Time is literally disappearing in front of me. It doesn’t feel like I have been in France for very long; but at the same time, it feels like home. I have an apartment, daily routines/habits, and friends here. I love going to the boulangerie each day to purchase some sort of pastry or the usual baguette. I love trying various French cheeses, many unavailable in the States due the lack of pasteurization. I love drinking French wine, and I love wandering through the city, looking at the old buildings, and thinking to myself that this is the place I call home for now. School is neither too hard or too easy, with minimal homework but a lot of class time. My professors are great and really care about their students.
One of my goals while studying here (besides improving my French) has been to understand the French culture–what it means to be French. I can’t say that I have a definite answer, but I’ve noticed a few things about the people here in Angers. In my opinion, the French value their time and spend it how they want to spend it. They invest hours into their hobbies over work many times–traveling, sports, art. Culture literacy is a vital aspect of education here. In France, full-time work is considered 35 hours a week, and these workers are required to receive a minimum of 5 weeks vacation each year. Compare this to the United States, which has no law requiring a single paid holiday. The French choose pleasure over profit; life is about more than money. I really admire this philosophy; although as an American, I am annoyed at times with the long lunch breaks, short hours, and closed businesses on Mondays and Sundays.
Friendships and relationships are highly regarded here. People invest a lot of time and effort in maintaining these relationships, and most friendships I’ve observed were formed in elementary school. I think this is great, but I also imagine that it can be hard to break into these circles and can be limiting at times. In Paris for example, it is all about what arrondissement you live in, and this can determine where you’re able to go to school in Paris and to what social circles you belong. The French are significantly more intimate than Americans. It’s apparent by the customary greeting bisous–a friendly kiss on each cheek. Concepts of personal space are significantly different here, and this greeting has taken me some time to get adjusted to it. I’m still trying to understand the French mindset surrounding monogamy and intimate relationships.
Two weekends ago, I traveled to Amsterdam with a group of 8 friends. I was completely blown away by the city. First, it was strange to me that I was never required to show any identification to fly from Paris to Amsterdam and walked through customs without a single word; I guess there is free movement within the EU. We rented an apartement a little bit outside of the city center and hit your typical tourist attractions: taking a 3 hour walking tour of the city, touring the Anne Frank House, visiting the Van Gogh Museum, and casually strolling through the Red Light District. I was impressed with how clean the city was and strikingly beautiful. The sidewalks were well maintained–minimal litter and no traces of animals like in Paris. Amsterdam is built for bikes and people, not necessarily cars! The city is built around canals with trees that hang over to create a quiet, relaxed environment. Luckily, our apartment overlooked a canal, and I enjoyed sitting on the balcony, drinking wine and soaking up the view.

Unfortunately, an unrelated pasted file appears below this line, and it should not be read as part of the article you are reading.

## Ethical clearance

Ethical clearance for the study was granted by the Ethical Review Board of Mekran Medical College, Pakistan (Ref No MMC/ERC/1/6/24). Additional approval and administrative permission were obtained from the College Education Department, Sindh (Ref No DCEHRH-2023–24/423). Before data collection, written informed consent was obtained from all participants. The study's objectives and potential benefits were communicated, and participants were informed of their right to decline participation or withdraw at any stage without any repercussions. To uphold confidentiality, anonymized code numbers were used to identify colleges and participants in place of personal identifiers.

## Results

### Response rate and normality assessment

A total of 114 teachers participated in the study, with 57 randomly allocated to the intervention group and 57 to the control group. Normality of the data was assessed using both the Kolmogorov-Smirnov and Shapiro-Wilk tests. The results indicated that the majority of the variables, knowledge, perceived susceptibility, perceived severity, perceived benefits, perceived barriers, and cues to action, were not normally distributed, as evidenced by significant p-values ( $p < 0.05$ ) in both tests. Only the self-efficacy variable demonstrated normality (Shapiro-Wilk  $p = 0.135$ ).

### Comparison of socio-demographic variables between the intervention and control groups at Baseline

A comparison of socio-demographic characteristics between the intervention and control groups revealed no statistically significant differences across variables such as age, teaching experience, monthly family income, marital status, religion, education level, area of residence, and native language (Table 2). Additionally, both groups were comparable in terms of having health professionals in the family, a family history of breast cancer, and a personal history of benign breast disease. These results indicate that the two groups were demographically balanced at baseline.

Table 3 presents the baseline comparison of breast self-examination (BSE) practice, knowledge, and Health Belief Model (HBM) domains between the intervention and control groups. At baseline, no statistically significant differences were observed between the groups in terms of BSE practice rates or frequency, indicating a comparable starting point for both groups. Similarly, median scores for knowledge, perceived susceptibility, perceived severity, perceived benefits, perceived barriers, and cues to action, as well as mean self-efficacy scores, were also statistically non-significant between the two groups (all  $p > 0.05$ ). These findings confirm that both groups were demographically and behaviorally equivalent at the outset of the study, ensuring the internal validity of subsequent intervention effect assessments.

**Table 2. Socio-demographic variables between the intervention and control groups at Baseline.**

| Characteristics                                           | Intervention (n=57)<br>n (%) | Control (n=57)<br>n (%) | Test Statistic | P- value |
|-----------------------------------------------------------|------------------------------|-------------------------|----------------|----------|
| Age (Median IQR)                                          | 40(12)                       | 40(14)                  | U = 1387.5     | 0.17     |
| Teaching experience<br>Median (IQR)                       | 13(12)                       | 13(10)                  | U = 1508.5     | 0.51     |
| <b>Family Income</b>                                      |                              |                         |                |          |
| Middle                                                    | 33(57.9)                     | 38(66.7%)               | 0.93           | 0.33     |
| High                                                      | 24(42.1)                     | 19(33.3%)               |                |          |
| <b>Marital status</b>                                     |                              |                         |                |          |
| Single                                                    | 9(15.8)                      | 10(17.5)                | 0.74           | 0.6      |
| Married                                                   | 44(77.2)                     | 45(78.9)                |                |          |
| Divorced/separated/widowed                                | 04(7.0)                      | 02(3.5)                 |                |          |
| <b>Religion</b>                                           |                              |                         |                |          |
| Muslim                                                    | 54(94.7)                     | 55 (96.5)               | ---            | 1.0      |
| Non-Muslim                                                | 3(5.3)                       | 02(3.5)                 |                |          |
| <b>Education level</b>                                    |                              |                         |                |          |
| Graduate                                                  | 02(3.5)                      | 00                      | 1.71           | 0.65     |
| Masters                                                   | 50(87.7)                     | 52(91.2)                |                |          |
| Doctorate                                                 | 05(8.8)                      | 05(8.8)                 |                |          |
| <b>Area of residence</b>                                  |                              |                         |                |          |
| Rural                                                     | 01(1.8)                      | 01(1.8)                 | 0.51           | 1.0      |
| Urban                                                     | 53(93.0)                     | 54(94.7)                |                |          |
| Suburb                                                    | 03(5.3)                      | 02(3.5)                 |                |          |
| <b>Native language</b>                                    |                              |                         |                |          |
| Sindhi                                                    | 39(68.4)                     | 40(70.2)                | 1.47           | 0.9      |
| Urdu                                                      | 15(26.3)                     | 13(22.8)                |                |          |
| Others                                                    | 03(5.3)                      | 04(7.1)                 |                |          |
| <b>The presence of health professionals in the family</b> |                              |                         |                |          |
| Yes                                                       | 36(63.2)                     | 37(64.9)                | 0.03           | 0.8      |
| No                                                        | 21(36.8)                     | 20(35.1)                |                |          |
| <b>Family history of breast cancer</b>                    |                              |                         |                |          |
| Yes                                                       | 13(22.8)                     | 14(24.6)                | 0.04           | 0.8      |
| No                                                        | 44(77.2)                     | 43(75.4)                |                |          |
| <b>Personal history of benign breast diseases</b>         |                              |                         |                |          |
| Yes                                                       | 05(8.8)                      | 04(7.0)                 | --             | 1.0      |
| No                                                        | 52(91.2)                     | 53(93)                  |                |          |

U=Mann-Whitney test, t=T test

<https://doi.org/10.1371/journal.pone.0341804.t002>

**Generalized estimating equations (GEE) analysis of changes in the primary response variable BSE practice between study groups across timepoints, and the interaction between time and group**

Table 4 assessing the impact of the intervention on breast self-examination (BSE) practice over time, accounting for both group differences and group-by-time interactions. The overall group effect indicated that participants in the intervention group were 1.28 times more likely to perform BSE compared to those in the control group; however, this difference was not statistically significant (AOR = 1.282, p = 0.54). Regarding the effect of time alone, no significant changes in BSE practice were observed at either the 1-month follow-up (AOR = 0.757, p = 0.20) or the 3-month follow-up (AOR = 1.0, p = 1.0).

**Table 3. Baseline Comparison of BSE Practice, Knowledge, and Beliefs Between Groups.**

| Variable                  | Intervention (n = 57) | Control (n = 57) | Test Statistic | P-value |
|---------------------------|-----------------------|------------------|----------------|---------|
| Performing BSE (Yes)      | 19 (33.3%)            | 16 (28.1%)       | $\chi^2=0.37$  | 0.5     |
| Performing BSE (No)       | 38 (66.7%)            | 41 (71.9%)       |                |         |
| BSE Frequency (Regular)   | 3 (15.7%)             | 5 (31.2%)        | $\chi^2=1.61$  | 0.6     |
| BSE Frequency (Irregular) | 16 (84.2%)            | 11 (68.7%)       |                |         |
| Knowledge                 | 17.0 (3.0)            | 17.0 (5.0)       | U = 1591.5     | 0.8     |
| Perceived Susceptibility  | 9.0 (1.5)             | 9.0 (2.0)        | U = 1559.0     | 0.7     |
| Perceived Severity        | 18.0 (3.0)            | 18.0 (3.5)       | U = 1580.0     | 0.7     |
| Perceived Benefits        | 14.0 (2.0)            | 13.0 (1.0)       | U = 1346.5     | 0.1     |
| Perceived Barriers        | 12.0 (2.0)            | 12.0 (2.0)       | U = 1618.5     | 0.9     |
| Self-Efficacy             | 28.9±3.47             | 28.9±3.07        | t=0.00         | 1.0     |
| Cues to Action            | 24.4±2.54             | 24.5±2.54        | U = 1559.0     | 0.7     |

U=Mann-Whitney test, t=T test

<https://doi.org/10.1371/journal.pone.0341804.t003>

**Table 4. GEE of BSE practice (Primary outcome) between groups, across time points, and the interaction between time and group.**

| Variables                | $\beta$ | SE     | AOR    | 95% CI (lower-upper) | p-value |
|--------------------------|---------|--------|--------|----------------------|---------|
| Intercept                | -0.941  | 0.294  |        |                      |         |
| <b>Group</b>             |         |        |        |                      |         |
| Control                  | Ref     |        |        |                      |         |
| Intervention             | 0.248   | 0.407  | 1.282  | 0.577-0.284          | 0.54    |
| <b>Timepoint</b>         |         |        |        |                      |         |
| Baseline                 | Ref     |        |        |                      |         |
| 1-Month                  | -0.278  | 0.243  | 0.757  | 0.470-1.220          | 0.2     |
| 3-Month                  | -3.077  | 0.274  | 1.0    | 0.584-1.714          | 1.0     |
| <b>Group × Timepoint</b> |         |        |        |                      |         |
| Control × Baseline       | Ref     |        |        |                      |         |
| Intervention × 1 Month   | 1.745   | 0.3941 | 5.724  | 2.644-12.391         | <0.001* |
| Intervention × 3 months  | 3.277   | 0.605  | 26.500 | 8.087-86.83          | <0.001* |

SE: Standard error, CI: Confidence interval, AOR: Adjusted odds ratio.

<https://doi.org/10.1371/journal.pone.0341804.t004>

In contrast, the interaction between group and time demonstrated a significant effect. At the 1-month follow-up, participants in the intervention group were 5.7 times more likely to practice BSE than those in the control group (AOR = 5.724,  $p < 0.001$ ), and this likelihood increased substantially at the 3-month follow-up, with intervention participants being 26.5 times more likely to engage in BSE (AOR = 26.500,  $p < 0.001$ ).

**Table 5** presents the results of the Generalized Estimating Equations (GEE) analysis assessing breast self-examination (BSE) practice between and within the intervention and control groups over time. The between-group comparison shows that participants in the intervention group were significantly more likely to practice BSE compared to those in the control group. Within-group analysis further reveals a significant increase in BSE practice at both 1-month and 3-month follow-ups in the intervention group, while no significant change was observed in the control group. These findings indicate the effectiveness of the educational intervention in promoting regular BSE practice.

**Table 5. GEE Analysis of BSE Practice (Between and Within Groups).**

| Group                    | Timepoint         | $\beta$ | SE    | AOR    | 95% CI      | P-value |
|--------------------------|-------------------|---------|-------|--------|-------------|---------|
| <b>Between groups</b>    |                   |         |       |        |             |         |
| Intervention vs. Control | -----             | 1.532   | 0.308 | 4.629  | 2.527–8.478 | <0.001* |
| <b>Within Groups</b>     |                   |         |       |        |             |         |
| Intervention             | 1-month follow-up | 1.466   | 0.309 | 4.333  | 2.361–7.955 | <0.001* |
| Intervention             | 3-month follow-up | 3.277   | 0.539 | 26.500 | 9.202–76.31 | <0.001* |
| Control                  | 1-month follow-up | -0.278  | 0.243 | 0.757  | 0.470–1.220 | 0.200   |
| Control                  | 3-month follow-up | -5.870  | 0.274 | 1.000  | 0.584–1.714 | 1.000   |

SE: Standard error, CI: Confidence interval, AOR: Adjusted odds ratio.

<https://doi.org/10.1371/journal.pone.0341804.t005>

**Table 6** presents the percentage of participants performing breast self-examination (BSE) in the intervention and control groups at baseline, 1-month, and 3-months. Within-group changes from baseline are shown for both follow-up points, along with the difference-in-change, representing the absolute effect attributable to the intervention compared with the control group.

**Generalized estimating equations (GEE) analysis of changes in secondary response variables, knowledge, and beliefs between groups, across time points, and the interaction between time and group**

The Dutch people are very practical (or at least that is how they promote themselves). Most of the city has cleverly been reclaimed from the sea, with the highest point in the city about a meter above sea level. Our tour guide stressed three rules or guidelines that describe Amsterdam: 1) Don’t do anything harmful (to yourself or others) 2) Be discreet and 3) Amsterdam is about making money/whatever is good for business. The last point reflects the Netherlands time as the merchant capital of the world (Dutch East India Company) at the height of its empire. It can also be seen through its relaxed drug laws and legalized prostitution. When I say that the Dutch are practical, I mean that they recognize things like prostitution and drug/alcohol consumption are going to happen…so why not bring them to the surface, make them safe, and tax them? Only in Amsterdam can you find an old church, a coffeeshop, and a brothel next to each other. In fact, many of the churches in Amsterdam have been converted for other purposes such as cafes, clubs, or civic buildings. Amsterdam has so much to offer, and I’m glad I’ll have the chance to go back at least one more time before I return home.
Today marks the beginning of my spring break! We have about two weeks off, and I will be taking a night train to Nice and traveling with 4 other Ole Miss students. We spent about 2-3 weeks planning this trip–booking flights, trains, and hostels–and I’m ready to see our hard work pay off! From Nice, we will travel through Monaco to Cinque Terre in Italy to spend a few days. From Cinque Terre to Venice by train, another short train to Trieste, and a long bus ride to Zagreb, Croatia. I am most excited about visiting Croatia, because 1) it’s stunning and still developing and 2) it’s cheap. We will spend time hiking in Plitvice Lakes National Park (UNESCO site) and exploring Split. To wrap up the trip, we will travel to Mykonos and Athens. I am hoping for good weather on the beach and maybe a nice sailing trip.